The documentary offered new evidence and recorded confessions from multiple sources, including from several Russian archives and also included interviews of the relatives of former Unit 731 researchers.
"[Unit 731] used melons to breed typhi bacteria and forced Chinese people to eat them. All the victims were then infected with the lethal disease," Koto Yoshio, a former member of the unit, disclosed in his recorded statement used in the documentary.
The NHK-produced film also offered gory details of how even women and children were used as subjects for criminal experiments on bacteriological weapons. They were repeatedly used for various live trials till the last moments of their lives.
Officially known as the Kwantung Army Epidemic Prevention and Water Purification Department, the unit was secretly built at the Pingfang district of Harbin in the erstwhile Manchuria (now northeast China’s Heilongjiang Province) between 1934 and 1939. The facility officially adopted the name "Unit 731" in 1941.
Surgeon General Shiro Ishii, a microbiologist, was the notorious director of the facility that was responsible for some of the most horrifying war crimes carried out by Imperial Japan.
Unit 731 received generous support from the Japanese government up to the end of the war in 1945, when retreating Japanese invaders blew up the base to cover up their crimes before they surrendered.
The relics of the facility remain at the site of Unit 731 in Harbin and a part of the remains has been converted into a museum in the memory of the victims of Japanese atrocities.
Dubious role of the US
January 7, 2015: Visitors look at a scene of human experiments at the Unit 731 museum in Harbin, northeast China's Heilongjiang province. /VCG Photo
Arrested by the US occupation authorities at the end of World War II, General Ishii and his protégés were to be thoroughly interrogated by the Soviet authorities, according to a 1984 BBC report.
Instead, Ishii and his team managed to negotiate and were secretly given immunity by the US in exchange for their full disclosure of germ warfare data based on human experimentation.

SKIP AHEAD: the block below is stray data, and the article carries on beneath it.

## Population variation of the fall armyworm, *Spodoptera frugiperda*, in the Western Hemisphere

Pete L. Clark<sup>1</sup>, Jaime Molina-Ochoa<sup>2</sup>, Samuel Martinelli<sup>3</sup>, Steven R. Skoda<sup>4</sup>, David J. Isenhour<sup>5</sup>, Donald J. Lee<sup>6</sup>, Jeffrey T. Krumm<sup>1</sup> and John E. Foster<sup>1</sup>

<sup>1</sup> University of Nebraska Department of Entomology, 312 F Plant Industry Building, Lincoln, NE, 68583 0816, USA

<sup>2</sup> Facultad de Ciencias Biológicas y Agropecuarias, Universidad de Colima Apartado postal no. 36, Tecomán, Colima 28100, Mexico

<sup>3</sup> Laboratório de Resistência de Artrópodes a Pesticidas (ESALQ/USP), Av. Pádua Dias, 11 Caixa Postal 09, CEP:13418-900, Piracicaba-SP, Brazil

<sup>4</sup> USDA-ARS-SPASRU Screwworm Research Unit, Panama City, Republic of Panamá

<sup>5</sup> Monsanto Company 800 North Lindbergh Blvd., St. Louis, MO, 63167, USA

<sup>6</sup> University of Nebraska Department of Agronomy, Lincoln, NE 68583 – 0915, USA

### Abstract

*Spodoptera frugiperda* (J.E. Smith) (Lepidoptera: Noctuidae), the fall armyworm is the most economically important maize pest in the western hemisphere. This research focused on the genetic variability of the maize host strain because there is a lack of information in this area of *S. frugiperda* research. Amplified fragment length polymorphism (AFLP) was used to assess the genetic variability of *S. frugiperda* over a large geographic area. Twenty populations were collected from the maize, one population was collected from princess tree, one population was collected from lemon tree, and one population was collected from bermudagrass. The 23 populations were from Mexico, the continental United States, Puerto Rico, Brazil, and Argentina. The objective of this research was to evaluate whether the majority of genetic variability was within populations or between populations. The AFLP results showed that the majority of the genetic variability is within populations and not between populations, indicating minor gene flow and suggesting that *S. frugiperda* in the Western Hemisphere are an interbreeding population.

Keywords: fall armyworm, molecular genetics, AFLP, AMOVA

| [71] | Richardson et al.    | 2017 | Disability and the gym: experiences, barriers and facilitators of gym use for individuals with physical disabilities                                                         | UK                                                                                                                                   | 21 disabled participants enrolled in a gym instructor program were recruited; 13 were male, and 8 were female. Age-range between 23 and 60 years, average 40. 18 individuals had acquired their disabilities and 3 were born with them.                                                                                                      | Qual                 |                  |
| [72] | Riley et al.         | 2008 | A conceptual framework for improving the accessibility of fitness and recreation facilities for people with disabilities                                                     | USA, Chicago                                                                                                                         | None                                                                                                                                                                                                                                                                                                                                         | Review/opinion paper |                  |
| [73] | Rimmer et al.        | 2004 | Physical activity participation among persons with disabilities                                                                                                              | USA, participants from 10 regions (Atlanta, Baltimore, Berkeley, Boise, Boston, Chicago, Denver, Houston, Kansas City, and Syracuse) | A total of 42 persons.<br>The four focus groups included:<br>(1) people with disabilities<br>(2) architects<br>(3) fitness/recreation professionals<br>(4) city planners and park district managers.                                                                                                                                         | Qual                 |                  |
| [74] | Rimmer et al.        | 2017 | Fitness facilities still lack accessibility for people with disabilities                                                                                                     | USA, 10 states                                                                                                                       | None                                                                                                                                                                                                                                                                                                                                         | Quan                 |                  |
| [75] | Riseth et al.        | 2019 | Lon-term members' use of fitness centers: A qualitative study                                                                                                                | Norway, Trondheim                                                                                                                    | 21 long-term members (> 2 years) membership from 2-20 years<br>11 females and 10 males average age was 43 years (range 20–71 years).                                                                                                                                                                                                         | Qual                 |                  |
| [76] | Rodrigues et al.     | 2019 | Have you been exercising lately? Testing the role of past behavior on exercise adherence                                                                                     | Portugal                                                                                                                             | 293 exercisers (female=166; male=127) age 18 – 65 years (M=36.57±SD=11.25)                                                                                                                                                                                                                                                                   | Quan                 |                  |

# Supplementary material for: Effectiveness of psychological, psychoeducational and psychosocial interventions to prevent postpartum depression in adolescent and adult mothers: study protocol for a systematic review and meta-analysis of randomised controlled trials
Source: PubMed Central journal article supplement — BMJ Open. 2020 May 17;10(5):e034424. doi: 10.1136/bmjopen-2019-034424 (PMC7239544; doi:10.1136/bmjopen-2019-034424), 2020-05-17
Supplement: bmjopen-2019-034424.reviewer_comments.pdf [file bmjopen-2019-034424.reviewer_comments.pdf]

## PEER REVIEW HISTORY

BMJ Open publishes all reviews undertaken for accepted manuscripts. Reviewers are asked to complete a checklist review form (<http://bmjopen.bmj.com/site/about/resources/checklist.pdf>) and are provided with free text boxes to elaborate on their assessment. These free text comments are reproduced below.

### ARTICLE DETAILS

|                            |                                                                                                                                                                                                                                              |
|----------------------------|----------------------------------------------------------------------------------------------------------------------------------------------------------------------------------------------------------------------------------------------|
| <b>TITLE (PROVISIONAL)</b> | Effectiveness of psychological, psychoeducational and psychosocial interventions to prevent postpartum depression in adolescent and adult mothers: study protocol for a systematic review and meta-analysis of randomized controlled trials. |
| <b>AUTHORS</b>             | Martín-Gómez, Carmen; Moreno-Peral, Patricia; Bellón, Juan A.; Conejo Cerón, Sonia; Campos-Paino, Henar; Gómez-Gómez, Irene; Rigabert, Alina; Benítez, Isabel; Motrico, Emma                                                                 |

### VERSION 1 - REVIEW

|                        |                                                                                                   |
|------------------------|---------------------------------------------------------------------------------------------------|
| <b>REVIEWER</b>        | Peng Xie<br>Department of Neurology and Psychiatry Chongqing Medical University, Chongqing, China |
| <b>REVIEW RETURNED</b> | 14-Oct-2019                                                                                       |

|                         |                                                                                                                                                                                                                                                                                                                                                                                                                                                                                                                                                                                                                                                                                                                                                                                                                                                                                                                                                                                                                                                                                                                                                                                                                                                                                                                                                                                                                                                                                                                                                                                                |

In a 2005 article for The Guardian, Richard Drayton, a Cambridge University history lecturer, claimed that Ishii later went to Maryland in the US to advise on bioweapons. It has been speculated that Ishii went to Fort Detrick, which was the main center of the US biological weapons program from 1943 to 1969. Following the discontinuation of the program, the center continued to function as the hub of the country's biological defense program.
The NHK documentary has been well received in China, where there is a deep anguish over Japanese war crimes. Commentators on Chinese social media have remarked that "the recognition of war crimes is the first step toward solid Sino-Japanese relations."
"Unit 731’s repulsive war crimes should not only be heard by Chinese people, but also by the Japanese public. Acknowledging the wrongdoings in the past, NHK has made a good example to those Japanese leaders who dare not even issue a proper apology to the victims," wrote a netizen on Sina Weibo.
Others were critical of the US role in the matter. "After World War II, because of geopolitical reasons, the US granted immunity to war criminals of Japan and kept many of them in power. The US should be put on trial in the International Court of Justice," commented another netizen who goes by the name Pauil.